It's not uncommon for those who've been accused of crime to plead guilty, only to later regret it. Whether it's because of an unpredictably stiff sentence or "buyer's remorse," many defendants believe—rightly or wrongly—that they got a raw deal. The question is whether they can effectively rewind the proceedings by withdrawing their pleas.
A defendant can typically withdraw a guilty plea that a judge hasn't yet accepted. Also, defendants who have pleaded but not yet been sentenced can sometimes get out of their deals, particularly when the judge rejects the negotiated agreement pursuant to which the defendant pleaded. (The prosecution can sometimes back out of a deal, too.)
For example, if Clay pleads guilty to bribery in exchange for the prosecution's agreement to a three-years-or-less sentence, but the judge indicates an intention to sentence him to five years, he can probably withdraw the plea.
Some plea deals require the defendant to waive the right to appeal; not surprisingly, undoing a plea in these instances can be particularly tough. But even without a waiver, once a judge has sentenced a defendant, the odds of getting out of a plea can be long.
After sentencing, the trial judge will typically set aside a conviction and allow plea withdrawal only if it's necessary to avoid an obvious injustice. It's generally not enough, say, that the prosecution agreed to and did recommend a certain sentence as part of a plea deal, but the judge imposed a longer one. After all, the judicial system prioritizes efficiency, and rehashing cases is no way to speed the docket along. In addition, judges entertaining plea withdrawals are supposed to consider the potential effect on the prosecution. If, for instance, the prosecution lost contact with witnesses who were necessary for trial between the time of the plea and the attempted plea withdrawal, the judge might deny the defendant's request.
Despite the general difficulty of withdrawing a guilty plea, circumstances exist where judges can—and must—allow defendants to withdraw.
Indeed, judges are required to set aside guilty pleas (even without a request from the defendant) when they receive an indication that a defendant isn't guilty or didn't fully understand the charges or the effects of admitting guilt.
Likewise, certain factors support, but don't mandate, a judge allowing withdrawal of a guilty plea. For example, judges are supposed to take into account the length of time between the plea and the attempt to withdraw; typically, the quicker the attempt, the better for the defendant (unless it's so prompt that it indicates haste). Another circumstance in a defendant's favor is lack of counsel: Not having legal representation when pleading guilty is a fact tending to support subsequent withdrawal.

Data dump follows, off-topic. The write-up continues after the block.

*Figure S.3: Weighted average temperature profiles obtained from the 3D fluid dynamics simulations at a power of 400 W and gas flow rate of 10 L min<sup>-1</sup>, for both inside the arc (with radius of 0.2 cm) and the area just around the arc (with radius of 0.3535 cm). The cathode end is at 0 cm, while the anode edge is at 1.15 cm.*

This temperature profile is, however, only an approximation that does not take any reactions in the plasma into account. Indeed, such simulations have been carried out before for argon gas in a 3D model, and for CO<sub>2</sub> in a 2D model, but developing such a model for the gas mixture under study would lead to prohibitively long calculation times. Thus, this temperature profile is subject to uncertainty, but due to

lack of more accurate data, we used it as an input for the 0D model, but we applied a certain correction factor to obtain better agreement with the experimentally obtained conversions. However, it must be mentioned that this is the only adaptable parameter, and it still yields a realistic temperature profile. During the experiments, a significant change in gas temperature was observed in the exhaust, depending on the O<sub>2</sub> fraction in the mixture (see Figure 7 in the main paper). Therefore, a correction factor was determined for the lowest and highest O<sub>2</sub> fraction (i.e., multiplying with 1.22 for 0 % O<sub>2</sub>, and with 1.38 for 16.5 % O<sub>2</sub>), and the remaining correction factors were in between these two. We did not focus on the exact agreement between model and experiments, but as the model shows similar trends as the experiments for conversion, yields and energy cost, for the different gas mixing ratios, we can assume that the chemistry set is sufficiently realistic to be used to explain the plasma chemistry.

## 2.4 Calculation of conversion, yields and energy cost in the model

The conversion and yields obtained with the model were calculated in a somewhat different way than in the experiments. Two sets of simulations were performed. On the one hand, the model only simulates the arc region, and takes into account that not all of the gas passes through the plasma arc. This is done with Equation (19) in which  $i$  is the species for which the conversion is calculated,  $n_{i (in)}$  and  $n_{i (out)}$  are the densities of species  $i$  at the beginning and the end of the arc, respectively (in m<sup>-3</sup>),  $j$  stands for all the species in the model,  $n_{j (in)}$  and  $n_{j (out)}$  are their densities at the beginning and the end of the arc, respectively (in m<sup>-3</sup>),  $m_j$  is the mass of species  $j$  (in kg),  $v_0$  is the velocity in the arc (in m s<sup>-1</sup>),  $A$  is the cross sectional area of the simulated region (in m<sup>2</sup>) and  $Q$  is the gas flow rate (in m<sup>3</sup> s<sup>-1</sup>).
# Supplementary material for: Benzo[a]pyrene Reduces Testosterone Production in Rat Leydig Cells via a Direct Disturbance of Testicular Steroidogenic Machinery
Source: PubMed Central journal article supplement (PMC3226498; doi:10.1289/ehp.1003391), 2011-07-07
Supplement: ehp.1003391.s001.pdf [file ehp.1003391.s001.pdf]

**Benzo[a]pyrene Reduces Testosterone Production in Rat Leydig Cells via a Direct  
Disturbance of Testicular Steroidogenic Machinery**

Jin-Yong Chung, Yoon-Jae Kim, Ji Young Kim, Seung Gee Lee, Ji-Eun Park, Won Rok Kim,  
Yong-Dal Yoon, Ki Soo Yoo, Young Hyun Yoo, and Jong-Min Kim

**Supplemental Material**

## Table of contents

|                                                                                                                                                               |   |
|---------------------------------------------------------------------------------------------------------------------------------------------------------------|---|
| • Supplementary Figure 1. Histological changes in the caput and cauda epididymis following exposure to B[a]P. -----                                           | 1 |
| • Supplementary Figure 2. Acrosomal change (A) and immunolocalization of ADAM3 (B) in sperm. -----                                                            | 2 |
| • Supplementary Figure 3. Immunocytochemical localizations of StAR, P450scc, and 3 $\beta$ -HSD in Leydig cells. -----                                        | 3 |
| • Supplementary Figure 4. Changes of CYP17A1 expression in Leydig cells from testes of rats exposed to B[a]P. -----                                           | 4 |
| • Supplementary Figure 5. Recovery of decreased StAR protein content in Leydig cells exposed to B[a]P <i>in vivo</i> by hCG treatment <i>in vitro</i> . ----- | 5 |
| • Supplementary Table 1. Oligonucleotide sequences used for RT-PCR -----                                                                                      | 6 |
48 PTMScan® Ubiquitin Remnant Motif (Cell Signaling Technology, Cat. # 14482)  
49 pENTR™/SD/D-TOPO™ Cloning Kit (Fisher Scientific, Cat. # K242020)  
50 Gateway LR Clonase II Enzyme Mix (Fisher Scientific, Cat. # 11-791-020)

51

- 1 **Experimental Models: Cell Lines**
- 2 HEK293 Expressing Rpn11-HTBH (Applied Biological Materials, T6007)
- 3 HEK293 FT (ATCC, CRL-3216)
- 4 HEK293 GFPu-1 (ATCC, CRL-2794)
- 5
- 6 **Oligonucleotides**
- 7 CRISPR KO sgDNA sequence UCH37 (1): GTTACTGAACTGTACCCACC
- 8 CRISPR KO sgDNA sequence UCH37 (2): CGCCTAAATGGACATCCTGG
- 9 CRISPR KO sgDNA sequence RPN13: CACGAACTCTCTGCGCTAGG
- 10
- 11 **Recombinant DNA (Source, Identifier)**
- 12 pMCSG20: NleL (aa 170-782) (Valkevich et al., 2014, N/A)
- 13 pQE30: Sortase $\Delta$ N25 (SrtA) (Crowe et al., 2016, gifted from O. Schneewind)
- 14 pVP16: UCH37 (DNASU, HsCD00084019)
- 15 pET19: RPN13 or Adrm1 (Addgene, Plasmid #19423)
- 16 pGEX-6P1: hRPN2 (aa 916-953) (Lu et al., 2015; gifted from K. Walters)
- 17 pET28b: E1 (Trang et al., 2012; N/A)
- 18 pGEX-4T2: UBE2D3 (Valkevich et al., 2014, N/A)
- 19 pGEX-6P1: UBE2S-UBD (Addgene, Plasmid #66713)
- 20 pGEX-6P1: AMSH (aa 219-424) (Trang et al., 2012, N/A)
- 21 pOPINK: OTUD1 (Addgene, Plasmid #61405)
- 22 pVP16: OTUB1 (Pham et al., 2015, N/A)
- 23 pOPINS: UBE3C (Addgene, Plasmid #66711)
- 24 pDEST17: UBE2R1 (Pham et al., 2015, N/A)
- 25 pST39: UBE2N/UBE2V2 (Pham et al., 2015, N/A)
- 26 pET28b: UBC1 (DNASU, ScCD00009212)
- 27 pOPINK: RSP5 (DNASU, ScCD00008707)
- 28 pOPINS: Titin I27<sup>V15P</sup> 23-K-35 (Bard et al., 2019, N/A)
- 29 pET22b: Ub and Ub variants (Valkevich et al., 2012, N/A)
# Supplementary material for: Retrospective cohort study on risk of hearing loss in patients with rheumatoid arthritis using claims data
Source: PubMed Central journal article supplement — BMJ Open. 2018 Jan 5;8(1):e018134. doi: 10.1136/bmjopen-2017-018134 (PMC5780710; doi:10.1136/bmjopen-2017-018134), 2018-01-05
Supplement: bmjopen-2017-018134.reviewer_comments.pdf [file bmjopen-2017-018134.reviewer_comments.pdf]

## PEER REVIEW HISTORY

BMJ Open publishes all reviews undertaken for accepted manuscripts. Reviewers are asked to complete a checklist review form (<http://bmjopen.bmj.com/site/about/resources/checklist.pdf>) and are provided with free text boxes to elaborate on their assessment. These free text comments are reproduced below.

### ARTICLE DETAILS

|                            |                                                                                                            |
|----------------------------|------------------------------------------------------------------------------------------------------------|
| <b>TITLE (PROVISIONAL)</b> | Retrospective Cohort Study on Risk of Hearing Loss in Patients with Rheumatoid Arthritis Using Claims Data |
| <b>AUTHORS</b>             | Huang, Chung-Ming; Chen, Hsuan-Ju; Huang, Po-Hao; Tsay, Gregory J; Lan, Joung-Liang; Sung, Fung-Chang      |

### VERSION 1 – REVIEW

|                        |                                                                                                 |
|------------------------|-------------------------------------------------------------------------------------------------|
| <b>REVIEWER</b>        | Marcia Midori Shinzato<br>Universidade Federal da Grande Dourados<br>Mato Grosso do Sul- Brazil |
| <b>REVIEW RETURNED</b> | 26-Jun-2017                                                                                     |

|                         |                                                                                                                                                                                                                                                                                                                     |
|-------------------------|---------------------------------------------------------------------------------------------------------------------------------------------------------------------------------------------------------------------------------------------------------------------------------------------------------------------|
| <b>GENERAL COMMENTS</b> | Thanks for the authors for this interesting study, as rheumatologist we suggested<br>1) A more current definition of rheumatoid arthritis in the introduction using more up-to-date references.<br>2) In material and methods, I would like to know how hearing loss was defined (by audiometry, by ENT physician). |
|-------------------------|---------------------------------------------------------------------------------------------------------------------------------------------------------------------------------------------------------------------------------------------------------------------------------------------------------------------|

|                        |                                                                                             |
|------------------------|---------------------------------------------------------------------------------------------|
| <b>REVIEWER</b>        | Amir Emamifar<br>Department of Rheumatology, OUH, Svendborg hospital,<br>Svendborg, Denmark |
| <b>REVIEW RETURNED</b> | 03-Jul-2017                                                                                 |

Plenty of people who take a turn through the criminal justice system are unhappy with their lawyers. But simple dislike for or dissatisfaction with a lawyer isn't enough to withdraw a plea. Rather, the lawyer must normally have been ineffective and the reason the defendant pleaded guilty.
For example, suppose Clay's lawyer didn't investigate or otherwise work on the case at all, but nevertheless convinced his client that conviction at trial was automatic. Meanwhile, there was exonerating evidence that a competent lawyer would have discovered and that would have inspired Clay to go to trial. If Clay pleads guilty in that instance, he might be able to withdraw his plea.
There are various situations in which trial or appellate judges are generally supposed to allow defendants to withdraw their pleas. These include—but aren't limited to—the following:
After a defendant, with the court's permission, withdraws a guilty plea, the case normally reverts to the point before the original plea. The defense can hammer out another deal with the prosecution or go to trial. If the reason for the withdrawal undermines the prosecution's case (as in the instance of newly discovered evidence of innocence), the judge might even dismiss the charges. But withdrawing a plea doesn't always end happily: There's typically no guarantee that the defendant won't receive a harsher sentence if convicted (again).
If you pleaded guilty or "no contest" to a crime and want to withdraw your plea, consult an experienced criminal defense attorney (not one whose poor performance necessitated the withdrawal). Such a lawyer can explain all the conceivable bases for setting aside a plea and analyze your prospects. That lawyer will also know the appropriate procedure—whether, for example, to bring a motion in the trial court or to seek review by an appeals court.